When he was only thirty five the consumption came roaring back and wasted his body away. He went to the doctors at the VA hospital, though he knew what they’d say. They gave him six months, maybe a year, and then… ffft. The idea of death itself didn’t really bother him – the war and his work for the agency had more or less made death an old and uninteresting acquaintance – but he was nagged at by the feeling that he was only now starting to do really good work. Knowing when his ticket was due to be punched took the savor out of working, somehow.
He went out and got drunk. Riotously, viciously, hilariously drunk. He was tall and prematurely gray. The drunk made him mean; not physically – he was too frail for that – but emotionally brutal. He ran into a cop he knew from the agency days and delivered himself of a thirty minute dissection of the rottenness of society in general and the police state in particular that ended with a black eye and a cracked rib. He didn’t care. What did any of it matter?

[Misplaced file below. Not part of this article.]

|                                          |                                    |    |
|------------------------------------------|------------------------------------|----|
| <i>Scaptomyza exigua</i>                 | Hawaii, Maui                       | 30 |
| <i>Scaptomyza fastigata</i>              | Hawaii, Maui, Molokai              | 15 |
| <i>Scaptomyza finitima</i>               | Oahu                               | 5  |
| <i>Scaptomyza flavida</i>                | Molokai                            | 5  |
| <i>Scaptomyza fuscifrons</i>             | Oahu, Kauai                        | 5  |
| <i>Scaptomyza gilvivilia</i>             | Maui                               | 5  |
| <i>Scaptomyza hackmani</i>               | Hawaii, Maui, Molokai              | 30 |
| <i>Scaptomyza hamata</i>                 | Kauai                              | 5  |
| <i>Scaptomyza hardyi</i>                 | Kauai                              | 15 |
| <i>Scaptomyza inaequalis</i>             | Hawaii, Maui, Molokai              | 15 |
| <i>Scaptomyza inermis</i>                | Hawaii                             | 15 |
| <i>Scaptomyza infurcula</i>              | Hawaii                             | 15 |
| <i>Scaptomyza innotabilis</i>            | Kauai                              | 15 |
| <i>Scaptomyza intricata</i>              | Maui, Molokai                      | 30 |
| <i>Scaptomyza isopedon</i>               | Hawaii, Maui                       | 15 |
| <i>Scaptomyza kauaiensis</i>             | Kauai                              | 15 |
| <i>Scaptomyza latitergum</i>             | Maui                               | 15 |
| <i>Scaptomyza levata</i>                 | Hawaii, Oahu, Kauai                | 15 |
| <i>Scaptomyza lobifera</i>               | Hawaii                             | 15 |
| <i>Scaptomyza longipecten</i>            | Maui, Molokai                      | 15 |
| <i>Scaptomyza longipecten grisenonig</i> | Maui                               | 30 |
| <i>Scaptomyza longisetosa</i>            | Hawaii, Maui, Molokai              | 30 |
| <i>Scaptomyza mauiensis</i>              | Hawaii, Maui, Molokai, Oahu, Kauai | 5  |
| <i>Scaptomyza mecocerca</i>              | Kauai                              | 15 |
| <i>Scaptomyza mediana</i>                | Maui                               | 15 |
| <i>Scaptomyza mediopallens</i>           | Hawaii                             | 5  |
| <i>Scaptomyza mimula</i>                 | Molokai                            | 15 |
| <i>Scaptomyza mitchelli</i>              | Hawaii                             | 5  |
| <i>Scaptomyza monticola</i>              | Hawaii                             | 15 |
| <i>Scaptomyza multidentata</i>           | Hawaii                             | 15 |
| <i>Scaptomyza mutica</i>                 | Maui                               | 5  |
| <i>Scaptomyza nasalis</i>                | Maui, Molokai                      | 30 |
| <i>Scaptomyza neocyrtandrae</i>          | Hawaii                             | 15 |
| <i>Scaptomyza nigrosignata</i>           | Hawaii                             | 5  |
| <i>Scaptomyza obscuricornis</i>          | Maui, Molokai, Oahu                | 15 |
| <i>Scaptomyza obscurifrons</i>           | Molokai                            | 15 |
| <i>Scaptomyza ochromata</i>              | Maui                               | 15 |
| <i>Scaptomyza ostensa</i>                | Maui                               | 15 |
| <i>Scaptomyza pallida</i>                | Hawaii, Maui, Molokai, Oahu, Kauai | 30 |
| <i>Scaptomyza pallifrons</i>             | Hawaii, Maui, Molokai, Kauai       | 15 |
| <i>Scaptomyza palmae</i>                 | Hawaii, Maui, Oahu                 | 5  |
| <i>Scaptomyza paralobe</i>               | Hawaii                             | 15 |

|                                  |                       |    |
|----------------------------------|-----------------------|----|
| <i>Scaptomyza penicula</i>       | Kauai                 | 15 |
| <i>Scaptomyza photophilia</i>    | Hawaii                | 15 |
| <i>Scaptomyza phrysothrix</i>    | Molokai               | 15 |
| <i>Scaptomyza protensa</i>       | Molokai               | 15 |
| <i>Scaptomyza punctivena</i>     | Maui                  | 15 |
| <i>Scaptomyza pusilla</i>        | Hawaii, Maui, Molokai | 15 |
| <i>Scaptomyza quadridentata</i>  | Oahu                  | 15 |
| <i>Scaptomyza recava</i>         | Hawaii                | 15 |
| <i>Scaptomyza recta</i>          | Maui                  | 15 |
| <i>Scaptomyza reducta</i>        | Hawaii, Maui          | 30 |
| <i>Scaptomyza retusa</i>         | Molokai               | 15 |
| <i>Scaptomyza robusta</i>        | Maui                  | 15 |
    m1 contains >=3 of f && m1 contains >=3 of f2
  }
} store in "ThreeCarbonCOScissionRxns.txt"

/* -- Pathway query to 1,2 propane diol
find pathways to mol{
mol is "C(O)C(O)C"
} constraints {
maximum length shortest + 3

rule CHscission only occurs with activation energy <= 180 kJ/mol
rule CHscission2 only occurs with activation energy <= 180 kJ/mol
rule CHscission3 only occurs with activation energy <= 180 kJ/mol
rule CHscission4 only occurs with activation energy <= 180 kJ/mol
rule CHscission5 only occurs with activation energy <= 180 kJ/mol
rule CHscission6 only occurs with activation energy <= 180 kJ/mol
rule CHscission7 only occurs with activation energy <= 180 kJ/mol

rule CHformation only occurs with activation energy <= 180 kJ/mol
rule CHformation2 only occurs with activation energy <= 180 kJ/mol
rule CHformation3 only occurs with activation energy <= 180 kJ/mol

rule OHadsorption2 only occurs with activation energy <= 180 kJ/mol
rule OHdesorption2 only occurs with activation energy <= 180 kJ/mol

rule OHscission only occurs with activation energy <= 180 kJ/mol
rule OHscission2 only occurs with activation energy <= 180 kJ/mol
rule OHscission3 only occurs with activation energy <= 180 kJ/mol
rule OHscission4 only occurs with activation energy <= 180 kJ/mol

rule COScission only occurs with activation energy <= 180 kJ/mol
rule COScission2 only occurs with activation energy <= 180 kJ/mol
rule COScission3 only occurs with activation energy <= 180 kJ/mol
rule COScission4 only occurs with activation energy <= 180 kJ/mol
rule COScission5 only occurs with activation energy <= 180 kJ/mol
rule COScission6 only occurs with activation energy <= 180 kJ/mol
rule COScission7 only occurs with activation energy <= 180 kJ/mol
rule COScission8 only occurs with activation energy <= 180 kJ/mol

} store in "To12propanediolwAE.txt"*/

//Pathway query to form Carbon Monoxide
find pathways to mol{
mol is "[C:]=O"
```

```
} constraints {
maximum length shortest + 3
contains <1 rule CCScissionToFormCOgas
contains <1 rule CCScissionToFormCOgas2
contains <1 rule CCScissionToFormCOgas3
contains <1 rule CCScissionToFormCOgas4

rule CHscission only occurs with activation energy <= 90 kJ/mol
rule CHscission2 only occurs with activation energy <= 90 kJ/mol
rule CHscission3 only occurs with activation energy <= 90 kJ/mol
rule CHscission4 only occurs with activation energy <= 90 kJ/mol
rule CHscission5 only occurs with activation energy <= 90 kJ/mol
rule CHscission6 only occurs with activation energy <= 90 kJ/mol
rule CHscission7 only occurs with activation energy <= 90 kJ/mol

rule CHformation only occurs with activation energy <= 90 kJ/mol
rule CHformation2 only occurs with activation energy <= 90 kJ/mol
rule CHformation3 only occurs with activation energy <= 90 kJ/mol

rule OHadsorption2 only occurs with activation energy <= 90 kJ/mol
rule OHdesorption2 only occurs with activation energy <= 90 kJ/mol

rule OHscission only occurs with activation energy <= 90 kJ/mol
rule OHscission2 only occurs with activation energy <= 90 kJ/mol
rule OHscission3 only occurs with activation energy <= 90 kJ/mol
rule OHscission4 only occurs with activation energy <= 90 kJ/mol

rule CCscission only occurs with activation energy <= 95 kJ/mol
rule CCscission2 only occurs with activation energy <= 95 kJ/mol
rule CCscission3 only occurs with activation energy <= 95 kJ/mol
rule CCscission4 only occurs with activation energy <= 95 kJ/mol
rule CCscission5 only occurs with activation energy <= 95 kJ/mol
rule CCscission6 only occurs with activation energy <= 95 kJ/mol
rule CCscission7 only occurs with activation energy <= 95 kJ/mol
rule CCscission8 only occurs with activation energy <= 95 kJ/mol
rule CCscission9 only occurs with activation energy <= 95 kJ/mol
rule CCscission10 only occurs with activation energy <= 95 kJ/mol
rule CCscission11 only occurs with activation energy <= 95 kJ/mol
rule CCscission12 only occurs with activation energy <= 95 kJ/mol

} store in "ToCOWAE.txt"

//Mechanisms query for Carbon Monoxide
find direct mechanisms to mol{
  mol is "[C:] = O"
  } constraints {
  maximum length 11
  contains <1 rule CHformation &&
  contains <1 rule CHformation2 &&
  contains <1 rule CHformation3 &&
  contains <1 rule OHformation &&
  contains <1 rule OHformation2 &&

He drank through his savings and all the money that was still trickling in from his golden days, then sat back and waited patiently to die.
Twenty years later he was still waiting, and the pages on his desk were thick with dust.